I recently attended an event led by an organization of young boys and girls aged 10-16 who share their musical talents with the elderly. This event, called “Movement”, took place at a nursing home in Beaverton Oregon. The young musicians played various classical pieces from Beethoven to Dvorak. When the event started, most of the seats in the room were empty, which I noticed with a little embarrassment for the musicians who were tuning their instruments in the hallways. Then, the cofounder of Movement delivered a short speech along with an introduction to the pieces that would be played.
As the first group began their playful duet by Mozart, the door creaked open and a few more people filed into the room, finding their seats quickly. I quietly watched the performances and the elderly people’s reactions. There were countless gasps in the audience at a particularly dramatic moment in the piece, and at the end of each musician’s performance,there was loud applause and even a few standing ovations. The people at the nursing home seemed surprisingly entertained, absolutely absorbed into the pieces. At the end of the event there was an earsplitting applause as the director of the nursing home stepped forward and gave the founders and the musicians of Movement an earnest word of thanks.
The elderly folk at the nursing home appeared to truly enjoy the event. I researched the effects of classical music on the senior citizens and found some interesting pieces of information. Various scientific studies directly related classical music to the health of the elderly. Music by composers such as Mozart seemed to have a correlation to the changes of waves in the brain, benefiting the memory of the senior listeners. In addition, there have been links between listening to Dvorak and high blood pressure. Interestingly enough, listening to classical music is recommended after heart surgeries, due to its maintaining blood pressure levels. Classical music is known to be calming and soothing to the elderly especially after surgeries, and is proved to significantly lower stress and bring about a peaceful feeling of happiness.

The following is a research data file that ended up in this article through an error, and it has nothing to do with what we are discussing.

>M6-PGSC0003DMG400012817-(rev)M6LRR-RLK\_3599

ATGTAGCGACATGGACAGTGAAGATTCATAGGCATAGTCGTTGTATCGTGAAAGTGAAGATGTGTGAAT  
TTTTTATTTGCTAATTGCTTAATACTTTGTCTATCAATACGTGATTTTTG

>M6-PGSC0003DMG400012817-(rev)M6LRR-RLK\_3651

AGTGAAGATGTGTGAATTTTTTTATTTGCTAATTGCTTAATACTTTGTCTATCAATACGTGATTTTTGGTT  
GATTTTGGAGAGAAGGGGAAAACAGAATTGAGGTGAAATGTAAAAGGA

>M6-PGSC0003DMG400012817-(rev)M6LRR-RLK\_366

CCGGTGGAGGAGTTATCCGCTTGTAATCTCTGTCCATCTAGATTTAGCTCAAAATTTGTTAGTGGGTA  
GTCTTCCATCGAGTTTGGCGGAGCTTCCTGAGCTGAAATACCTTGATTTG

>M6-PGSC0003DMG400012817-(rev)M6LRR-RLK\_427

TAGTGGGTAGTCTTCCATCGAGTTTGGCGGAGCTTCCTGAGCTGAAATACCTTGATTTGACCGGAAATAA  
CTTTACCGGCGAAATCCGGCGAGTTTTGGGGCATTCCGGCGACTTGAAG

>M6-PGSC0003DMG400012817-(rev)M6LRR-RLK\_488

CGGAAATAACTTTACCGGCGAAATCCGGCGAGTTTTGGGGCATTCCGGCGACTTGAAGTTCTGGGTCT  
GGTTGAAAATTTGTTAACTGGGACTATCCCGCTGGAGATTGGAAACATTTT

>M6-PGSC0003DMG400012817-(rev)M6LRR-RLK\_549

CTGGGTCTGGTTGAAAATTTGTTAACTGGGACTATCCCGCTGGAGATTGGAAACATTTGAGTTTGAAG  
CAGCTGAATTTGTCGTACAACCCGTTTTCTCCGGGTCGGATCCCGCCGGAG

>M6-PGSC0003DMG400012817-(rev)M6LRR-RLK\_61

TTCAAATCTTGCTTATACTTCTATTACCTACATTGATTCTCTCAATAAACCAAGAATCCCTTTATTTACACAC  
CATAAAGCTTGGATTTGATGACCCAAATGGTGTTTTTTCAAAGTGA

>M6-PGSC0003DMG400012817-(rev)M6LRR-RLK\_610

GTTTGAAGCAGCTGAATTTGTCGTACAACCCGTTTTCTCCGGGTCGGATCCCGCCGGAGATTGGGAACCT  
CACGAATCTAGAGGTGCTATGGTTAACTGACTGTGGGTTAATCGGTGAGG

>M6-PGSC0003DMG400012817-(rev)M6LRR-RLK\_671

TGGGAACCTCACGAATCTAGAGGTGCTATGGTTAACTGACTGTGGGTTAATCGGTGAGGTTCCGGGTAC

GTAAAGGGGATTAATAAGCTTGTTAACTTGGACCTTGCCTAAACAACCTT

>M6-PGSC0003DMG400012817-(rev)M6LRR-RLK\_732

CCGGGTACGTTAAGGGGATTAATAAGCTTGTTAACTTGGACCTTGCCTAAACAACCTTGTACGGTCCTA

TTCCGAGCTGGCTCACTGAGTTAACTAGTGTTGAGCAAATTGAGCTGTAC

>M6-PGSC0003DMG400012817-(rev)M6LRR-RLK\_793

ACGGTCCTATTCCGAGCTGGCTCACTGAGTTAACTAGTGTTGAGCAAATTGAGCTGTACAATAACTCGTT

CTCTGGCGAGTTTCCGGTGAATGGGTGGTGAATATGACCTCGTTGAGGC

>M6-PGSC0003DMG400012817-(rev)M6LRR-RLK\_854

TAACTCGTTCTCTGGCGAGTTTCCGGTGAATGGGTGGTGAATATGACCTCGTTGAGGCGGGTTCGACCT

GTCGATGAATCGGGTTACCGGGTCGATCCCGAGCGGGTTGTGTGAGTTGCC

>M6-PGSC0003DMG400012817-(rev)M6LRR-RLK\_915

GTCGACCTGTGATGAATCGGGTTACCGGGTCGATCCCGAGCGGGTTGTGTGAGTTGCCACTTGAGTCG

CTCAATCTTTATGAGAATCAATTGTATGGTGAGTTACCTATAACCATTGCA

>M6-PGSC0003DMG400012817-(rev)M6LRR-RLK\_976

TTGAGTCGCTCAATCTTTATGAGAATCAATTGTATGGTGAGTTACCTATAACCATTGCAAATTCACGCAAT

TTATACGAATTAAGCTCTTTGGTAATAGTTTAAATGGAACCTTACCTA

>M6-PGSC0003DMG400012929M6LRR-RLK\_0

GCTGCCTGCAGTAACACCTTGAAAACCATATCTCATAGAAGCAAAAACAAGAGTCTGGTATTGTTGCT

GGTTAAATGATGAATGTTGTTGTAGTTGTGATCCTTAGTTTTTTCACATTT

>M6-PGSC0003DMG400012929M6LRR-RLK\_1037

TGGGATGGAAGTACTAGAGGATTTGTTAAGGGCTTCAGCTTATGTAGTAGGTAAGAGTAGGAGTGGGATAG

There is enough scientific evidence that there are benefits of classical music, though it sounds somewhat bizarre. Perhaps this is just another reason why classical music is so beloved and valued, even in our society today. Maybe the elderly folk at the nursing home
simply loved classical music because it was their favorite genre, or maybe it made them feel more relaxed and happy. Either way, it was a beautiful experience to see all of those smiles at Movement and the display of the unique musical talents of the younger generation.
Elyse Nah, Grade 9
Sunset High School